Yet the microscopic laws of nature [Newton's equations or Schrodinger's equation] are time reversal invariant. There is no arrow of time in these equations. So, where does macroscopic irreversibility come from?

There is a nice analogy to spontaneously broken symmetry in phase transitions. Strictly speaking for a finite number of particles there is no broken symmetry as the system can tunnel backwards and forwards between different states. However, in reality for even a small macroscopic system the time scale for this is ridiculously long.

Deriving irreversibility from microscopic equations is a major theoretical challenge. The first substantial contribution was that of Boltzmann's H-theorem. There are many subtleties associated with why it is not the final answer, but my understanding is superficial...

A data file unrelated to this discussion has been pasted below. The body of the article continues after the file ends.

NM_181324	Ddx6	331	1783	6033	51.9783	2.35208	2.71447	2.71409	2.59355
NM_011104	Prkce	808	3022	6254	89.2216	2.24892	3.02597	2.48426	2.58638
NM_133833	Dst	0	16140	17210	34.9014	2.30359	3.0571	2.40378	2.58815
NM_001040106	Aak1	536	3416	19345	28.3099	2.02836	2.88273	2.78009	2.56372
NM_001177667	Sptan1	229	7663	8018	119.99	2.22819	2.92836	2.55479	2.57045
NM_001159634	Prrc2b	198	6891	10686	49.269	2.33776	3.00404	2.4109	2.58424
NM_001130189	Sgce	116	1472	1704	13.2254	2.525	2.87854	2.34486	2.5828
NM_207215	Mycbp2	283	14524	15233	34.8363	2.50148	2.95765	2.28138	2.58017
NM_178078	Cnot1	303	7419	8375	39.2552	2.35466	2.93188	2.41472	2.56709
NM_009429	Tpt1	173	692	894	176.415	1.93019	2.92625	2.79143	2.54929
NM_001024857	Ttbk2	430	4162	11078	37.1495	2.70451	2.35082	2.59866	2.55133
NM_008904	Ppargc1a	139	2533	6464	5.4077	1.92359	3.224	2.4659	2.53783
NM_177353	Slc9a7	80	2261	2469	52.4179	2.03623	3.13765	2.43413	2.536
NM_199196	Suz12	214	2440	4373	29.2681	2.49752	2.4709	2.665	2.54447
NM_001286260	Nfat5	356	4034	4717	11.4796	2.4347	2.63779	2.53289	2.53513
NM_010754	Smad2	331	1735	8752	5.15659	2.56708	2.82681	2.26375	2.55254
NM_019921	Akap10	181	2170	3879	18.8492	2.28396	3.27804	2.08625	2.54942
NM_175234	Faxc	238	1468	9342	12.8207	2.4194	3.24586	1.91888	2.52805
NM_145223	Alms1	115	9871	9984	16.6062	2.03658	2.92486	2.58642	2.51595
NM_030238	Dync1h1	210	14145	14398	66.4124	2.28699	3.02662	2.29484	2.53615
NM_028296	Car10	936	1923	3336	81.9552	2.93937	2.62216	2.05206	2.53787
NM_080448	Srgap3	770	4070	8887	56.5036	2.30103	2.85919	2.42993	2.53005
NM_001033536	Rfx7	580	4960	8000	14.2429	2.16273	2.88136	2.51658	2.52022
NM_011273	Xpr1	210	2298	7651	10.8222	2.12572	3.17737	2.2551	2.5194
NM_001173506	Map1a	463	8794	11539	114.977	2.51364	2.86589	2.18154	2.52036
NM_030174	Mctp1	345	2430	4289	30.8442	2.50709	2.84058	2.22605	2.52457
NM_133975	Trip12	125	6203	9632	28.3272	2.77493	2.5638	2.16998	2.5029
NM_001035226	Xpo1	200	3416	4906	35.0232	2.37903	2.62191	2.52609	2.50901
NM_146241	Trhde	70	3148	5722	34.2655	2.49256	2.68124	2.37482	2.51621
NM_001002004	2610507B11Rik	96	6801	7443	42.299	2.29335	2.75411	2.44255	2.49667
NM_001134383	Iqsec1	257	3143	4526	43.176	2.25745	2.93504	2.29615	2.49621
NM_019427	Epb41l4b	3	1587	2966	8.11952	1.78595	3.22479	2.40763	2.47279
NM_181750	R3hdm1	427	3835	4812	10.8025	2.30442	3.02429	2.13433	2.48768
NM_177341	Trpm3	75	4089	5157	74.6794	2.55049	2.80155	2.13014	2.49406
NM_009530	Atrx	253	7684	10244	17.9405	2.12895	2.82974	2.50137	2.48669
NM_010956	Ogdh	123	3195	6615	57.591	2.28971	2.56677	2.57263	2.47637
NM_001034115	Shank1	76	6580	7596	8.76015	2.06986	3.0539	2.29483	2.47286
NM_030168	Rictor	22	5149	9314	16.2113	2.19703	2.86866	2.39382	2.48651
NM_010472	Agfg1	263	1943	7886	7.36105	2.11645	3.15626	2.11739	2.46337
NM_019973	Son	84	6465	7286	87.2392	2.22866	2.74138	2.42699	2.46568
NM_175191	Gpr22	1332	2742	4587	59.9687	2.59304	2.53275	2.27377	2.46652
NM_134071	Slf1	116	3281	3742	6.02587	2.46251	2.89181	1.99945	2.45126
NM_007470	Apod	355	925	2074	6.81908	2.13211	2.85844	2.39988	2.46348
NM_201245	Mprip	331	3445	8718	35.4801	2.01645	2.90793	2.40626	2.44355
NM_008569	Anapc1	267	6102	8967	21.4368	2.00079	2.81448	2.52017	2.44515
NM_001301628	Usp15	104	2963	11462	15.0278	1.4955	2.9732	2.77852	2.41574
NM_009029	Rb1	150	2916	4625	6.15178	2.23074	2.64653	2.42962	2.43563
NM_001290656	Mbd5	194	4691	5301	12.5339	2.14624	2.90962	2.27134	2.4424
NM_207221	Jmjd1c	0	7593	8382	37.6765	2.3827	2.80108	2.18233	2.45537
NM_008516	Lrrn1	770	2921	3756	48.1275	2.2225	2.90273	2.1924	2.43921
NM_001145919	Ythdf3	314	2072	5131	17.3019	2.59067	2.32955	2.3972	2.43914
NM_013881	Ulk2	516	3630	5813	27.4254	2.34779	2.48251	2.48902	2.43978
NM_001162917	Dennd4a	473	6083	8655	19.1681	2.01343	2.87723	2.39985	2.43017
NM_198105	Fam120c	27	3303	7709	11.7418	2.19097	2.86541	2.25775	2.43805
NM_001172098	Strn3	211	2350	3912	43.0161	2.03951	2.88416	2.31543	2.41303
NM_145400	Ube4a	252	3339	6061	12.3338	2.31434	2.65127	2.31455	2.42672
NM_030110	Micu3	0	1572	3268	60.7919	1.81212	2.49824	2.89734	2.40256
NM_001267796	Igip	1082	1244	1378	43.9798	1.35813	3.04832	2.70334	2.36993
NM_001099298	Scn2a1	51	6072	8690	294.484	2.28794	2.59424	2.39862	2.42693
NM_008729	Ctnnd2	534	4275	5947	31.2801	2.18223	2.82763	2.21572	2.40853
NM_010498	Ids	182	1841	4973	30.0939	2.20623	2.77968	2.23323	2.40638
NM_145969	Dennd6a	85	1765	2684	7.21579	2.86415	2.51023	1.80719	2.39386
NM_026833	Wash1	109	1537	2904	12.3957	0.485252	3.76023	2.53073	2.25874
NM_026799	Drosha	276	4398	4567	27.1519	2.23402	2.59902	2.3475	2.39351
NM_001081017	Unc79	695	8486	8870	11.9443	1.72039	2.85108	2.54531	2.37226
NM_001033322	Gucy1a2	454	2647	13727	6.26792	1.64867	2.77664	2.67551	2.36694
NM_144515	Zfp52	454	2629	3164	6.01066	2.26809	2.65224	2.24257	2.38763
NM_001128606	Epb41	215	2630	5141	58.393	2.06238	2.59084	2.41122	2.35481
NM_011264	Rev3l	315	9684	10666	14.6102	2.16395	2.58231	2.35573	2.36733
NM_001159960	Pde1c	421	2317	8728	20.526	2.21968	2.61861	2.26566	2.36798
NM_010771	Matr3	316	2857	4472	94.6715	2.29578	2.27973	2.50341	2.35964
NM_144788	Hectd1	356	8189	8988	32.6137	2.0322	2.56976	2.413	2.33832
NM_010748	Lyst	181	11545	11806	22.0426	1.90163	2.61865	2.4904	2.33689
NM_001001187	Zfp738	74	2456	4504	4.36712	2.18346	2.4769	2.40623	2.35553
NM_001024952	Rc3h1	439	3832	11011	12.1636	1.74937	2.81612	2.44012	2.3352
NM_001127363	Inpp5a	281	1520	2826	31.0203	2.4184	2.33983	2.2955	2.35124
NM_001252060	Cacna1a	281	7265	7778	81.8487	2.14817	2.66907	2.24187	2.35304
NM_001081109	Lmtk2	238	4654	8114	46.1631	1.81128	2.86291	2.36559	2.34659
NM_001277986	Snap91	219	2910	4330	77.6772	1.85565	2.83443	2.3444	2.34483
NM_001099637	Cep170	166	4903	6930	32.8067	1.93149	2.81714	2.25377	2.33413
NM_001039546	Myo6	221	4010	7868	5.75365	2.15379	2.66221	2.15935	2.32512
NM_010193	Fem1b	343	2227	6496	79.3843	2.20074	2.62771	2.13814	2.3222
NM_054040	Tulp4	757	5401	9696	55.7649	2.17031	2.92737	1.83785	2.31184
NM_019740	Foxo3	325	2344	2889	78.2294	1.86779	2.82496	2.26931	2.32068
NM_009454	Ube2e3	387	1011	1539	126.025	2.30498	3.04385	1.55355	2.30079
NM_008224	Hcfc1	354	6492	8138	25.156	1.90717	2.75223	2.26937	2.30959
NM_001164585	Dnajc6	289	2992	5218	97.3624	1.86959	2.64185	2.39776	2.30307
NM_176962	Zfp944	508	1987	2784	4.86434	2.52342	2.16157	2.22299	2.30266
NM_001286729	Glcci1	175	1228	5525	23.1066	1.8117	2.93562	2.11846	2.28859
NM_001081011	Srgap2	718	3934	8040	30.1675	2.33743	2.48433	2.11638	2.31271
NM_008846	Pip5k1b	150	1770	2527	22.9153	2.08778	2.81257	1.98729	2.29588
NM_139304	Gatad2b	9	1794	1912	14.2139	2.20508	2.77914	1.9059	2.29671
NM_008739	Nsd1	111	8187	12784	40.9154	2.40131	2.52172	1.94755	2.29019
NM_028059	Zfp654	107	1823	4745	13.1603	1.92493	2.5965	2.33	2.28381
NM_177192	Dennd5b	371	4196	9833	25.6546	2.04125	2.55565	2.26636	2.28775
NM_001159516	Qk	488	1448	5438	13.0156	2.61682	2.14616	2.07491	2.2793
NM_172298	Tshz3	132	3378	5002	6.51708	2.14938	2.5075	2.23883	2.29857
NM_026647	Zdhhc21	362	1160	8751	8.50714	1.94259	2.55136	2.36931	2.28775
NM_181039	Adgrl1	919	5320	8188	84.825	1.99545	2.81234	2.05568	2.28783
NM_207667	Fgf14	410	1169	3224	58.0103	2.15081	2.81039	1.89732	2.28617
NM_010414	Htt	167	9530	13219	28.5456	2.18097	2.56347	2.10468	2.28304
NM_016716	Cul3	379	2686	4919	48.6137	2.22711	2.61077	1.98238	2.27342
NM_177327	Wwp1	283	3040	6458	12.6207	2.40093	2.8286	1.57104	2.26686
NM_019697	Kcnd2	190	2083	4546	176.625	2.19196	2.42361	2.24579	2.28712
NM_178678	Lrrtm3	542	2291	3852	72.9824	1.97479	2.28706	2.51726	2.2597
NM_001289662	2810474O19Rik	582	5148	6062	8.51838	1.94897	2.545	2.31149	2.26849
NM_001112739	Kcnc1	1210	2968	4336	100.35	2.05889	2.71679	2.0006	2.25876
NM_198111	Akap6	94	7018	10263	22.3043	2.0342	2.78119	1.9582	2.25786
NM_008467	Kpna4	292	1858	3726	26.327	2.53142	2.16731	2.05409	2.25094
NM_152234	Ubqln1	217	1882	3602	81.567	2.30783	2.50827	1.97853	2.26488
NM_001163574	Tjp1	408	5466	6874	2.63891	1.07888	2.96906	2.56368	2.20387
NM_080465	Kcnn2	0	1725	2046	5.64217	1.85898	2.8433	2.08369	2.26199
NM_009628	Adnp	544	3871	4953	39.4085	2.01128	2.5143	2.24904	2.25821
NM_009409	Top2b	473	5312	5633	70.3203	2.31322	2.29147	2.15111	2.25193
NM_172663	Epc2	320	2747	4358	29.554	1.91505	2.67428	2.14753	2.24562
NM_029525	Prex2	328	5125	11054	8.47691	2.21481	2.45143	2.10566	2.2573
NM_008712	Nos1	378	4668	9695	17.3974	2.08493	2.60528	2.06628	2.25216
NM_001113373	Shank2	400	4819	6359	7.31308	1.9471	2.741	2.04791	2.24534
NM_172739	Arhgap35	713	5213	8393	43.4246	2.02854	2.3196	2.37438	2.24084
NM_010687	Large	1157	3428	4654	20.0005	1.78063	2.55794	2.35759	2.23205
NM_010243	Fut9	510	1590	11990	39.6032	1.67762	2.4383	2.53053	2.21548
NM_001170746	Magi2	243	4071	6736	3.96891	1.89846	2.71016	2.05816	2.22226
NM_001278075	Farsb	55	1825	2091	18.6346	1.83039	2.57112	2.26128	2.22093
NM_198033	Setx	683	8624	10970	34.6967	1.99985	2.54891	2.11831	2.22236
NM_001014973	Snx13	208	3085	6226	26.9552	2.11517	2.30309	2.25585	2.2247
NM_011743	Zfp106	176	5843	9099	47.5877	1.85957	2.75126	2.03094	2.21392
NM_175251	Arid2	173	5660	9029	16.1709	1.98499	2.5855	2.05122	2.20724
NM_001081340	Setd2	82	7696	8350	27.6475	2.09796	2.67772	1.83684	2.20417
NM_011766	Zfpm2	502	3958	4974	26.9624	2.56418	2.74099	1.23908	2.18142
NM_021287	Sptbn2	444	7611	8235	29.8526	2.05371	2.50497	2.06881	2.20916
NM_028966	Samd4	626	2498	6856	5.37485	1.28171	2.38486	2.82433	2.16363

This post was stimulated by some questions from students when I recently visited Vidyasagar University.

About reversibility. You say that "even at a thousand atoms..." Its nowhere near that for single, isolated molecules. "Significant" recurrences never occur even at 7 atoms, at modest energies.

ReplyDeleteIf you excite a C-H stretch in for example acetaldehyde the energy will move out in a about 100 psec, never to return (never ever because the energy will radiate away). You only need a few, say 10, coupled quantum states to see this! Its a pity that physicists almost never look at isolated, gas phase, molecules because they are such a rich set of similar systems.